Category: Security

  • Online Judging Sandbox: From Linux to FreeBSD

    As most probably know, DMOJ uses a sandbox to protect itself from potentially malicious user submissions. An overview of the Linux sandbox has been published by my friend Tudor. However, it doesn’t go deep into the implementation details, many of which differ between Linux and FreeBSD.

    At its core, the sandbox, cptbox, uses the ptrace(2) API to intercept system calls before and after they are executed, denying access and manipulating results. The core is written in C, hence the name cptbox.

    Perhaps the most obvious difference between Linux and FreeBSD is that on Linux, ptrace(2) subfunctions are invoked as ptrace(PTRACE_*), while on FreeBSD, it is ptrace(PT_*). But this difference is rather superficial compared to the significant internal differences.

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  • Onion Sites

    I am probably somewhat obsessed with having my websites accessible over a .onion domain, perhaps because I like vanity names (I’ll explain this later).

    A while ago, I introduced dmojsites2fpbeve.onion for DMOJ. And today, I introduce quantum2l7xnxwtb.onion for this website.

    These .onion websites are accessible over Tor, and do not ever leave the Tor network when accessed this way. Despite not having HTTPS (which is basically unattainable due to the lack of any certificate authority willing to issue free certificates for .onion), the encryption is end-to-end: only your computer and the server at my end can see the actual traffic in plaintext. For those familiar with the Tor network, there is no exit node which can watch your traffic in this setup.

    To preview these websites, you can use tor2web.org. In practice, you simply have to append .link after any .onion domain, and tor2web will take care of the rest. For example, quantum2l7xnxwtb.onion can be accessed as quantum2l7xnxwtb.onion.link. Note that you lose pretty much all the benefits of Tor this way.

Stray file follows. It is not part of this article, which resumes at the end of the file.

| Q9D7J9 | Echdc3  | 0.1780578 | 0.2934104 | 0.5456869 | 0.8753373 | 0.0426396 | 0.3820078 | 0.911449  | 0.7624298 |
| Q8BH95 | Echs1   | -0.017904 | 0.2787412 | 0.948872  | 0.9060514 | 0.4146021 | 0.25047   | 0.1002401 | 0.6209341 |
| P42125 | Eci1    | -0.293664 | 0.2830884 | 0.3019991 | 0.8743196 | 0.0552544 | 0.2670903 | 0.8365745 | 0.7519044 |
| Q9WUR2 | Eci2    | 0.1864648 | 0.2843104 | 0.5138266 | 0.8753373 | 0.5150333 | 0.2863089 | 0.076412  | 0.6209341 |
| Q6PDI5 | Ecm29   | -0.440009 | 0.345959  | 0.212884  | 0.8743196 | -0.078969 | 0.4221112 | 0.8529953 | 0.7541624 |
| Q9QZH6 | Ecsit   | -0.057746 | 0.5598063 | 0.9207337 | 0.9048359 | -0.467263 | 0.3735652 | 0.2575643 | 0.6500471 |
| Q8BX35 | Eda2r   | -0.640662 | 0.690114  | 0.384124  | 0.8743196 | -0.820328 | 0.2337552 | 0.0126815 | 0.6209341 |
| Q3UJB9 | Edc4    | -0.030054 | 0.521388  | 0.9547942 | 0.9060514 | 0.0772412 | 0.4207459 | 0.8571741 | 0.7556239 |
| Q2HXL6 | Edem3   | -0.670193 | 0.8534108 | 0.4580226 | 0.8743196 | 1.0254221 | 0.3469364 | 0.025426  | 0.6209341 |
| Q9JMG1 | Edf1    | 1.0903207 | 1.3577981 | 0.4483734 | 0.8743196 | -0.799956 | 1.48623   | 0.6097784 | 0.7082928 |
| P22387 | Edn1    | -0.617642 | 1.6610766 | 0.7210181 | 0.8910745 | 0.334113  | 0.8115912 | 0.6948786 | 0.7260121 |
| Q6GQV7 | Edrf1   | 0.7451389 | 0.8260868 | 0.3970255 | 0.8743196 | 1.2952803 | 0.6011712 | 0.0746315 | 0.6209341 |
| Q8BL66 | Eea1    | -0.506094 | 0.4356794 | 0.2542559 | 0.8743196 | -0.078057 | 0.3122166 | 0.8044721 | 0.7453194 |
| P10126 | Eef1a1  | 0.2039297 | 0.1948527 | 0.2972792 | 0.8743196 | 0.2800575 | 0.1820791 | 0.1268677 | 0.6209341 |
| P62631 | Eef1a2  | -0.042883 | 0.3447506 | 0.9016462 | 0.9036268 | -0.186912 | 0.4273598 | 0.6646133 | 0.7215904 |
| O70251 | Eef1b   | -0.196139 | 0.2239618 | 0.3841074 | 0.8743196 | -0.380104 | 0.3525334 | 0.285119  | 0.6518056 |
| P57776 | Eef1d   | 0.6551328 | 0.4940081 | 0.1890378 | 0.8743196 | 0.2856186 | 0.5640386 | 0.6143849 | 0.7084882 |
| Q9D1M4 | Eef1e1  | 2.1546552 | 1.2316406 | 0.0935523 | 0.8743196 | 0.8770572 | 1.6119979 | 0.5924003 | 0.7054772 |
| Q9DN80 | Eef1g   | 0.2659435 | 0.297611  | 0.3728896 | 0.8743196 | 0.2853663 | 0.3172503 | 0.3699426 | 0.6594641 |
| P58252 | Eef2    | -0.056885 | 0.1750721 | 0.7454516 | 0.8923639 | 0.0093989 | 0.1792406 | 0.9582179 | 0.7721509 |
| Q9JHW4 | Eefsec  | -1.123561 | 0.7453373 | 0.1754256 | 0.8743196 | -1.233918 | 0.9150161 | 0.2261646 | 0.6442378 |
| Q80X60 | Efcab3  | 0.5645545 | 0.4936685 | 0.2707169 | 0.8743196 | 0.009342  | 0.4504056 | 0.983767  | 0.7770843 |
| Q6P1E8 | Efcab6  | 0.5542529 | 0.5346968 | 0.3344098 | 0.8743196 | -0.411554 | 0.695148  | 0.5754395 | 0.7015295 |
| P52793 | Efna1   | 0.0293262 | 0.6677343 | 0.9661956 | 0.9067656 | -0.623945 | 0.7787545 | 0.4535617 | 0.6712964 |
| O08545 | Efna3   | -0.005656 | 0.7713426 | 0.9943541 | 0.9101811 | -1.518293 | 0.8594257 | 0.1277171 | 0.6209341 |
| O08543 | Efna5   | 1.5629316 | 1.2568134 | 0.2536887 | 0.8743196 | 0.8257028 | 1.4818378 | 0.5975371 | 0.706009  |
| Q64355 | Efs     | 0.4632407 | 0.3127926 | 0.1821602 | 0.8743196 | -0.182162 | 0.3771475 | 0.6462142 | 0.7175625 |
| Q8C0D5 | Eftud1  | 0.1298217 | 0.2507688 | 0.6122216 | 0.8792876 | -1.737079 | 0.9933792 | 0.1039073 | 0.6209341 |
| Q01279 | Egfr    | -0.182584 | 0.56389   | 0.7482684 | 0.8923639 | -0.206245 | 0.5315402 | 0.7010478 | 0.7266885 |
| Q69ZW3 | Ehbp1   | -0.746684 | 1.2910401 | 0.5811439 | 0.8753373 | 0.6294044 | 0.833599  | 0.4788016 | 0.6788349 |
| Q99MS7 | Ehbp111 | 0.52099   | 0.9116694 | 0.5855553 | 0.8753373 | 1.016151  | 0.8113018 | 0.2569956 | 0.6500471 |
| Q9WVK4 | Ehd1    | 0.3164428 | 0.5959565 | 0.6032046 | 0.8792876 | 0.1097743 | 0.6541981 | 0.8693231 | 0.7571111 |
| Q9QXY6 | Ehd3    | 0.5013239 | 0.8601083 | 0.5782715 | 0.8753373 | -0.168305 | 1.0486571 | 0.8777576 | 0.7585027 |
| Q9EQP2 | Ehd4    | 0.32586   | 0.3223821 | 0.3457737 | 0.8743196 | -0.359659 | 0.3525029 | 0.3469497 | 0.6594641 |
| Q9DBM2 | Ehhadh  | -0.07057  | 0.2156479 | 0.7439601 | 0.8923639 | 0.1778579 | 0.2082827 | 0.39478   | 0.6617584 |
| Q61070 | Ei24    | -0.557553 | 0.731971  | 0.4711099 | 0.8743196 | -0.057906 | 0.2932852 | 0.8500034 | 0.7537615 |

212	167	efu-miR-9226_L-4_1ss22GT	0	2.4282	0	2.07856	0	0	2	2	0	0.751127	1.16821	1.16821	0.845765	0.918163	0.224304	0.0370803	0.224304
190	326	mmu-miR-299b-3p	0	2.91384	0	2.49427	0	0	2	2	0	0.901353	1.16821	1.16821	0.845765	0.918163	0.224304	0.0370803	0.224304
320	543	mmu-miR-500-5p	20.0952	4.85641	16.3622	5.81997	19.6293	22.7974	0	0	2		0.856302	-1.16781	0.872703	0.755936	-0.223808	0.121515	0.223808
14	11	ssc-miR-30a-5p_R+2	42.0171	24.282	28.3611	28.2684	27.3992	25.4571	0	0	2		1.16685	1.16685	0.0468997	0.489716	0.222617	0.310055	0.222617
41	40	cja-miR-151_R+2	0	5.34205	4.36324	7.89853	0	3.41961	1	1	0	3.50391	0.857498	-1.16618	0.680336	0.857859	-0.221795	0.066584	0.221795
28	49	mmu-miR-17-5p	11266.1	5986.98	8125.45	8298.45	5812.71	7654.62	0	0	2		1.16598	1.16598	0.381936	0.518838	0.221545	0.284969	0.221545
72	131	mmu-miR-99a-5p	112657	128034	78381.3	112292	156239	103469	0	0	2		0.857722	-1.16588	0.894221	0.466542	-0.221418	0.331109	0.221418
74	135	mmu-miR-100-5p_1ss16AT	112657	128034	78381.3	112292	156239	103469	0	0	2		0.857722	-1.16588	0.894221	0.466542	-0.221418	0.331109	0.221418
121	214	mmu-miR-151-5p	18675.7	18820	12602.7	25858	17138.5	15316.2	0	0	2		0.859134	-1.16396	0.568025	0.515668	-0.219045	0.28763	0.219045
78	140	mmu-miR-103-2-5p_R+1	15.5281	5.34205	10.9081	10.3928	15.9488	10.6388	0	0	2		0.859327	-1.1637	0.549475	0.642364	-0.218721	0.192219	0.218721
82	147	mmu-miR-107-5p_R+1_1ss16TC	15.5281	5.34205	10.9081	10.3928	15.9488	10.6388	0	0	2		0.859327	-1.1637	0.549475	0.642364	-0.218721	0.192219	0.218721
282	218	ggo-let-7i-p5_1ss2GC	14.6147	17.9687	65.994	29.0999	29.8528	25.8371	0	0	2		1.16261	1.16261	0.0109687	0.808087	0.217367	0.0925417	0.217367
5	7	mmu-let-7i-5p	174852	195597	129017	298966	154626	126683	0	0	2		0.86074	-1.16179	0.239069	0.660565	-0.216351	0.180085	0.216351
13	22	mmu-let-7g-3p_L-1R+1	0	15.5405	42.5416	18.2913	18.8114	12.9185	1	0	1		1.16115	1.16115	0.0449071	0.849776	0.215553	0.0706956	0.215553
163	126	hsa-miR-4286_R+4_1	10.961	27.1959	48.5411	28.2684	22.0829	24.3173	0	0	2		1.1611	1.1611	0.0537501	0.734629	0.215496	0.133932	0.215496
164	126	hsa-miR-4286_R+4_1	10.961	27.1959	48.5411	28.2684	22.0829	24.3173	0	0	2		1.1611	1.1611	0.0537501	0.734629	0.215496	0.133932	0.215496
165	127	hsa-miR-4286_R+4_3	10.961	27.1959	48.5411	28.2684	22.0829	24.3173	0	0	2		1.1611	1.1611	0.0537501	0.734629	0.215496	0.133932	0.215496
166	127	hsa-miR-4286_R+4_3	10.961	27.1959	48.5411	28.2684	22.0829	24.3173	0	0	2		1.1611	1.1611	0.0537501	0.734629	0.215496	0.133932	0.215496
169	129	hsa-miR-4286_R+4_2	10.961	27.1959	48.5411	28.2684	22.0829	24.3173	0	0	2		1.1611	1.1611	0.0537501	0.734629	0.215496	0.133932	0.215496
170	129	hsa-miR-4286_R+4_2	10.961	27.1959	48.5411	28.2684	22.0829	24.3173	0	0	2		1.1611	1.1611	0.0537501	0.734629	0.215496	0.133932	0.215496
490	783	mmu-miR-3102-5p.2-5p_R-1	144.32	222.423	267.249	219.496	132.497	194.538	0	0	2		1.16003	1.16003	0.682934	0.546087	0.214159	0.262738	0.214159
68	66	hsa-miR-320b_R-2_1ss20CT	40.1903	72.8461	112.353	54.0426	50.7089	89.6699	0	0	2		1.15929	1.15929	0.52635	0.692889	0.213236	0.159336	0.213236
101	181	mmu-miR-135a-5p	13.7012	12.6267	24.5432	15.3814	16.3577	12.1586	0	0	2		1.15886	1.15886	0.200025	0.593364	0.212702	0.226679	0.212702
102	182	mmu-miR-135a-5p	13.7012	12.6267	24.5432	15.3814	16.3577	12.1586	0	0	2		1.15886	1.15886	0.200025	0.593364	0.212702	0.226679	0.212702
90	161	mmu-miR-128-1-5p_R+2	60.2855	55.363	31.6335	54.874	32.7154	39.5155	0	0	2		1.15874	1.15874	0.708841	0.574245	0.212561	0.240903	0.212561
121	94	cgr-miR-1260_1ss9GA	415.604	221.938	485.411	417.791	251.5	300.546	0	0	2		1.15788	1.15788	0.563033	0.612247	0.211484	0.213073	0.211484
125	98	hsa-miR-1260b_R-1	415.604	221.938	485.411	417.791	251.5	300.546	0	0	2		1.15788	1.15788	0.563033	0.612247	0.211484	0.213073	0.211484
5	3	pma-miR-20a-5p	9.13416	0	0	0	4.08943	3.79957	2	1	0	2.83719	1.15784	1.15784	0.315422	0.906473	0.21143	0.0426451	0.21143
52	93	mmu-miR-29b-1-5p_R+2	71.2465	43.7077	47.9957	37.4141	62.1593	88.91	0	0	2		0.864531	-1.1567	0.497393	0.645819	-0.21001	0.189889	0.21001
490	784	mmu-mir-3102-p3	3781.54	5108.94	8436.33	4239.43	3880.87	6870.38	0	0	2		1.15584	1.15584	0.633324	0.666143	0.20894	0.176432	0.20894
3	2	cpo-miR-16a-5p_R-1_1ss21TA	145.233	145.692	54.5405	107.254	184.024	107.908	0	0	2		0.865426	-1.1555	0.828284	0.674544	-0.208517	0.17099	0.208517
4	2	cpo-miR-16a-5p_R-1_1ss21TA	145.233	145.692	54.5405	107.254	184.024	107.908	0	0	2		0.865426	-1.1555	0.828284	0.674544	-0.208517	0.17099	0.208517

.onion domain names are composed of 16 “random” alphanumeric characters (more precisely, matching ^[a-z2-7]{16}\.onion$). These are derived from the public key of the onion site. Now, you may have noticed that the DMOJ and Quantum onion sites have a nice, identifiable prefix. This is called a vanity name. To generate these, we perform the equivalent of generating keys until we happen to get the desired prefix. This process is not too fast, as you can probably imagine.

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  • Getting a perfect score on the SSL Labs Server Test

    I decided to take it as a challenge to get a full perfect score on the de facto standard of SSL implementation quality, the Qualys SSL Labs Server Test.

    Needless to say, getting a perfect score is not without cost. For example, many browsers will be incapable of accessing the site. For this reason, I decided use a “disposable” domain name: ssl100.quantum2.xyz, which also runs on a separate IPv6 address to prevent any contamination on this website (there is no IPv4 since I didn’t have a disposable address), so you will need IPv6 access.

    A screenshot of Qualys SSL Labs Server Test showing ssl100.quantum2.xyz getting a full score.

    Incidentally, this also gets an A+ on securityheaders.io.

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